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Blog Series: "The SR-71 Blackbird" Part I



blog-0993959001384143470.jpgHi Guys, this is one of a few blog posts I will be doing on the physics of the Lockheed SR-71 Blackbird, one of the greatest aircraft designed in the world.

The SR-71, fashioned in different types during it's commissioning, was a spy plane which succeeded the Lockheed U-2, and by all standards, it's capabilities as well. The SR-71 holds altitude and speed records, flying a max 85,069 feet above the earth's surface, and reaching speeds of Mach 3.3 (2,193.2 mph). It achieved these altitudes and speeds without the use of a rocket engine, quite unparalleled at the time.

The engine, a Pratt & Whitney J58, was a jet engine considerably more powerful than others of the time, able to produce a static thrust of 32,500 lbf (pound force), equal to 144,567.2 N (newtons). It was a hybrid between the turbojet and a ramjet, incorporating a much more potent version of the common fanjet (widely used by different kinds of planes, from small jets to commercial aircraft) and the ramjet, an engine which compressed air without a rotary compressor but otherwise operated similarly. The combination of the two allowed the engine to fly at speeds up to Mach 3.3, starting at slower speeds by compressing the air into a chamber where the fuel combustion would take place and power the engine mostly. Once the plane hit higher speeds, the turbojet provided less and less thrust. The power would instead come from compressed air entering the shock cones and put in fuel combustion chamber, where additional fuel would be injected into the chamber, a mechanism also known as afterburner.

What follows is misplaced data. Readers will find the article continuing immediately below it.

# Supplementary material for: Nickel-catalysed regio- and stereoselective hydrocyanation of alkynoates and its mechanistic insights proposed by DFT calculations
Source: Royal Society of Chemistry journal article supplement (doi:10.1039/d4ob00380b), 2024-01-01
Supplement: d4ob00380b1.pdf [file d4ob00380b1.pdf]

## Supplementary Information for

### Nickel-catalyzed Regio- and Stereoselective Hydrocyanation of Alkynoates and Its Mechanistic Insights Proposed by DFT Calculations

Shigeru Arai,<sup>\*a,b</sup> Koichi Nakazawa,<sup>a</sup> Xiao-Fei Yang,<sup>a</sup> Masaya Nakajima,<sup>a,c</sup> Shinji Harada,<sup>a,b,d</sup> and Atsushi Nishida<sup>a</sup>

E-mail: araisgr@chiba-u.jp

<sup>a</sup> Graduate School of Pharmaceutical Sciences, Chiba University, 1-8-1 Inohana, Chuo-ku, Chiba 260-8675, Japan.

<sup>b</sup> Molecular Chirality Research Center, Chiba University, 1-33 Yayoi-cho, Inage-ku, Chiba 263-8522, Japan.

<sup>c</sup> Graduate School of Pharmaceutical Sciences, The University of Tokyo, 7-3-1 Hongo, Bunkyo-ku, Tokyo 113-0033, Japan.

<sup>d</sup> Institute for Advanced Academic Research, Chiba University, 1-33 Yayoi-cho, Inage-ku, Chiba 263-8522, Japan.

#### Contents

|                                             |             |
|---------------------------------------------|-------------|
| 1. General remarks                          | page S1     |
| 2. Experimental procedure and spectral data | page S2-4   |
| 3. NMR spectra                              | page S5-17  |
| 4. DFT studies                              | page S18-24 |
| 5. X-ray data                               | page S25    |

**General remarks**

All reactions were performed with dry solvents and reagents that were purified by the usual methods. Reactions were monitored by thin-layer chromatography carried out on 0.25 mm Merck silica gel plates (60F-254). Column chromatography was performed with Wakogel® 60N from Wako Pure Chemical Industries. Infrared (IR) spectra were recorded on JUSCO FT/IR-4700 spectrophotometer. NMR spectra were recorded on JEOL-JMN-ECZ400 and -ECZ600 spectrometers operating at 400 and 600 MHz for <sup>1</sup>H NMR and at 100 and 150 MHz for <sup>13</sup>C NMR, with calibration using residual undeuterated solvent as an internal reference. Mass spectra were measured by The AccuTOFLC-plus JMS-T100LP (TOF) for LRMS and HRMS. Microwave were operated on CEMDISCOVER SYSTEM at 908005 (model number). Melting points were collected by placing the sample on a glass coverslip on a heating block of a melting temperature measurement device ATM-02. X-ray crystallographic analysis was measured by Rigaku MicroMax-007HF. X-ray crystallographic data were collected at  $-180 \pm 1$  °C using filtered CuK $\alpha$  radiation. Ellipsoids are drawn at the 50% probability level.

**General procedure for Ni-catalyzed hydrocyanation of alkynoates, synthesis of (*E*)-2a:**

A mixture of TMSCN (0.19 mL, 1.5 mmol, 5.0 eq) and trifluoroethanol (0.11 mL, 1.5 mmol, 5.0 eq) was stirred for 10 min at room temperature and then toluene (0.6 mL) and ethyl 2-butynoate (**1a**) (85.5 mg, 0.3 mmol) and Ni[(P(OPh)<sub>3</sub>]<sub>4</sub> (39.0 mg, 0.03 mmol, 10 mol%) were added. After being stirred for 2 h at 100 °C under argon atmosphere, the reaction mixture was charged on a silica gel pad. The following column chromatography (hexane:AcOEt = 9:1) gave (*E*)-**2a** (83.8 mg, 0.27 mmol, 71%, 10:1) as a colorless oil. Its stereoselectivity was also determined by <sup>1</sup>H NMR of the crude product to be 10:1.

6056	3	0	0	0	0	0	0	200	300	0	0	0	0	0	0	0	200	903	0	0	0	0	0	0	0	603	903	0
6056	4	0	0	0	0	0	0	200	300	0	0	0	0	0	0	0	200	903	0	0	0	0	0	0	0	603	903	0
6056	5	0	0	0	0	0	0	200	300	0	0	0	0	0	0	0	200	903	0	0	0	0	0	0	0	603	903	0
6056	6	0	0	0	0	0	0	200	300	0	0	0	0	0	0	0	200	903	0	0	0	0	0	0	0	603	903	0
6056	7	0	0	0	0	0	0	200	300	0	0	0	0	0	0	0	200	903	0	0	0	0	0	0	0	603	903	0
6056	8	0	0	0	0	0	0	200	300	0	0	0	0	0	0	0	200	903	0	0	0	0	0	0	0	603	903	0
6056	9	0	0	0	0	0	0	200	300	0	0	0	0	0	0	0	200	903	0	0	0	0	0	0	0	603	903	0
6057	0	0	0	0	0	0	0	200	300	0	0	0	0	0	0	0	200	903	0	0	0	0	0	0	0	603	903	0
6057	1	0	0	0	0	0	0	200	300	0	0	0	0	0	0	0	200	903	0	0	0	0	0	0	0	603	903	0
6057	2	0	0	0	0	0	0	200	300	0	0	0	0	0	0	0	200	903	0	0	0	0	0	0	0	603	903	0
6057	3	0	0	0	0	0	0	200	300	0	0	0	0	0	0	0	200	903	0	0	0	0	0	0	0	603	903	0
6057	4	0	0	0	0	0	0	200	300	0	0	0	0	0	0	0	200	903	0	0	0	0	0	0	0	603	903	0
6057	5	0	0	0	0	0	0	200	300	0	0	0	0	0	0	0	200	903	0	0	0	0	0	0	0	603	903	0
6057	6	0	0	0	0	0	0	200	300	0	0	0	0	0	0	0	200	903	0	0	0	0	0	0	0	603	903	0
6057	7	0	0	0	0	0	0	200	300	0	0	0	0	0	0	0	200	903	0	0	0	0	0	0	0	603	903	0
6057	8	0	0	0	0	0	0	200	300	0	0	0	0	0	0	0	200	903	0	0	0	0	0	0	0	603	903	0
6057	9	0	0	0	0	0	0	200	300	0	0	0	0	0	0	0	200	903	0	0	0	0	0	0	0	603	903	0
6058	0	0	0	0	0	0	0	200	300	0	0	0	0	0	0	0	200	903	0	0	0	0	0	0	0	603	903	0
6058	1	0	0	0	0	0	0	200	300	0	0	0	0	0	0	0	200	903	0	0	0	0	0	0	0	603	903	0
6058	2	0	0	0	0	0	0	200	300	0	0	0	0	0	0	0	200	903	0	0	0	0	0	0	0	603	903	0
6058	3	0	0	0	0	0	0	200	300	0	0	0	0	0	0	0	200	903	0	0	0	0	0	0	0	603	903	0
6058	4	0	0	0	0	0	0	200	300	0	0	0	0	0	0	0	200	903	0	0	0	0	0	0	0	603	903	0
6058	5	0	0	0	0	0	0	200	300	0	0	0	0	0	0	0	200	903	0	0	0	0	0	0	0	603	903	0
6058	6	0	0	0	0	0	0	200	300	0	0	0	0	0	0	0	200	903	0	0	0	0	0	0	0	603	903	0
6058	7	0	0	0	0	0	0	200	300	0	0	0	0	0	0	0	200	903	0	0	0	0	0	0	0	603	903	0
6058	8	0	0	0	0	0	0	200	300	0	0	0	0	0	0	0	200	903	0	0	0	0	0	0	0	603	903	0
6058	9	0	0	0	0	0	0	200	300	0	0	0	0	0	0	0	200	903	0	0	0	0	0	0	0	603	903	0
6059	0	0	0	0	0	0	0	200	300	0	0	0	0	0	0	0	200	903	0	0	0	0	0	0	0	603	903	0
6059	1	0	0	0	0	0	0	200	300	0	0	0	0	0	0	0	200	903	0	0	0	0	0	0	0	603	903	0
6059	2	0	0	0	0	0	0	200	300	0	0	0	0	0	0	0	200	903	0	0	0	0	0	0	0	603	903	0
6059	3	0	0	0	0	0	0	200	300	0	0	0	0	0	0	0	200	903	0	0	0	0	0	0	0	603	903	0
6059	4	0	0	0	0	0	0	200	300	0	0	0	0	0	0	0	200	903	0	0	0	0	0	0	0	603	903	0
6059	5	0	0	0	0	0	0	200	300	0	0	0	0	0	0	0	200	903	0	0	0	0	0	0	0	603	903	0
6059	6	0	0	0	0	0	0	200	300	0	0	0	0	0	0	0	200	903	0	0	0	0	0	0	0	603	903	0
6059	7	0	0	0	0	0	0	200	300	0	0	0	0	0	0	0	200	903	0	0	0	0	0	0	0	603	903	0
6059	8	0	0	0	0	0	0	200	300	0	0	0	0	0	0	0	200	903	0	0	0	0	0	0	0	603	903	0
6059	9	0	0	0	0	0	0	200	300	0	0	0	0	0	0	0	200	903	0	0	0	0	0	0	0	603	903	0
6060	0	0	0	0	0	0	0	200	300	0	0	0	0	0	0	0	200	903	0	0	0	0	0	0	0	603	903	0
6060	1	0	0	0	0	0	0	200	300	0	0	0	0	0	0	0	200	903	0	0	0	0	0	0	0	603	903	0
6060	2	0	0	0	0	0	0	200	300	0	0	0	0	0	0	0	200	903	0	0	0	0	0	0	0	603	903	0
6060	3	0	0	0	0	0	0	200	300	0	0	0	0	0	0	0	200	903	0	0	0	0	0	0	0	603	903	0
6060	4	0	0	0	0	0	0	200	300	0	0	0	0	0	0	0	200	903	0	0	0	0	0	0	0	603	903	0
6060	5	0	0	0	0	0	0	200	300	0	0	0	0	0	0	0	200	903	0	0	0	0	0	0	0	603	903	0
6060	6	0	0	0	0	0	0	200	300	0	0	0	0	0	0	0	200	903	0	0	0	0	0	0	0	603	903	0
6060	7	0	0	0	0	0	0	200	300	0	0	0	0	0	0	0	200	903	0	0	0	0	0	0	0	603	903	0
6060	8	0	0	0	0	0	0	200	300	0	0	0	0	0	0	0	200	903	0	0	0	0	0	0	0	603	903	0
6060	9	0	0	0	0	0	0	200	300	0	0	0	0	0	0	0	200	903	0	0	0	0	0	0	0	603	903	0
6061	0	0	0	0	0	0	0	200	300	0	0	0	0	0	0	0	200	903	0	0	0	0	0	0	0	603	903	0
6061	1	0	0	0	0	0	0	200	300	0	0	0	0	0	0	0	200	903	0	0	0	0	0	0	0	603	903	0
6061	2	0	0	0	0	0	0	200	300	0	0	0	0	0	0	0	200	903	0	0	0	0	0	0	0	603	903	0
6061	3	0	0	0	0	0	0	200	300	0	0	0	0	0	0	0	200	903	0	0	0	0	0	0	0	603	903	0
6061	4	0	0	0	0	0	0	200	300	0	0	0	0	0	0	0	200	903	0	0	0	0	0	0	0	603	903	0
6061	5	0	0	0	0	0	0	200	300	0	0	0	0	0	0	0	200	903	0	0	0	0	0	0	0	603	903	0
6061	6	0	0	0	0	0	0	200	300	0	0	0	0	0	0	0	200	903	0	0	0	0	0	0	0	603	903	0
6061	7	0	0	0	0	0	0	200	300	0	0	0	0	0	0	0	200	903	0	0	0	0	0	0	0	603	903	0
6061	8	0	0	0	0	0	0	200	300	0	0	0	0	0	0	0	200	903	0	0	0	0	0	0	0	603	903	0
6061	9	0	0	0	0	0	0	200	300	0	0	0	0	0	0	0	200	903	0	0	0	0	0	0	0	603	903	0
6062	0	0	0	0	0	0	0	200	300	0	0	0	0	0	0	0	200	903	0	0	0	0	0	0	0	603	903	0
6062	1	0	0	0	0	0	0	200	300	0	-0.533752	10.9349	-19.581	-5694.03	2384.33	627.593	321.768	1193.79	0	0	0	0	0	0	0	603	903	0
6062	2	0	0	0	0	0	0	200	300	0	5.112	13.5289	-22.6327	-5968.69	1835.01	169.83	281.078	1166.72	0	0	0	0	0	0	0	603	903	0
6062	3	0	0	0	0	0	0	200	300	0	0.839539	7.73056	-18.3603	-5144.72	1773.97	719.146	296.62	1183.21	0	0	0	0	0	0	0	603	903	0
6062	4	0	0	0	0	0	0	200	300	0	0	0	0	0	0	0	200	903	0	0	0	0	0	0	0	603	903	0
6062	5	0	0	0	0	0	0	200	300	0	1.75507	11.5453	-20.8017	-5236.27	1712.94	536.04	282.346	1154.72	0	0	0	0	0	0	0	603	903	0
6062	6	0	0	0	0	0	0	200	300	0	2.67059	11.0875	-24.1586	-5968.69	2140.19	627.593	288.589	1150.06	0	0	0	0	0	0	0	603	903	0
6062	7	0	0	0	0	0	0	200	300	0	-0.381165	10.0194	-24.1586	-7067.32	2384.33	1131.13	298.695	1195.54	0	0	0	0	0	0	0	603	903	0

This system was inefficient for most planes, and therefore used for only short periods of time; however, the SR-71 sustained most of it's high altitude, high speed operations in afterburner, simply because of the unique hybrid system the engine operated under. Obviously, I haven't mentioned one key component: how was the engine able to sustain itself at such high levels of fuel combustion, speeds?


As seen in the diagram, the shock cones used to power the ramjet-style system was also used as a mechanism of cooling the engine; essentially, the cones channeled the air through the engine at subsonic speeds (below Mach 1) allowing the engine to operate as if it were below the speed of sound. This prevented shockwaves from entering the engine and causing the engine to malfunction, overheat, or break down do to the excess of pressure in the system. The same air used to power the plane was also used to "trick" the engine into working, so to speak!


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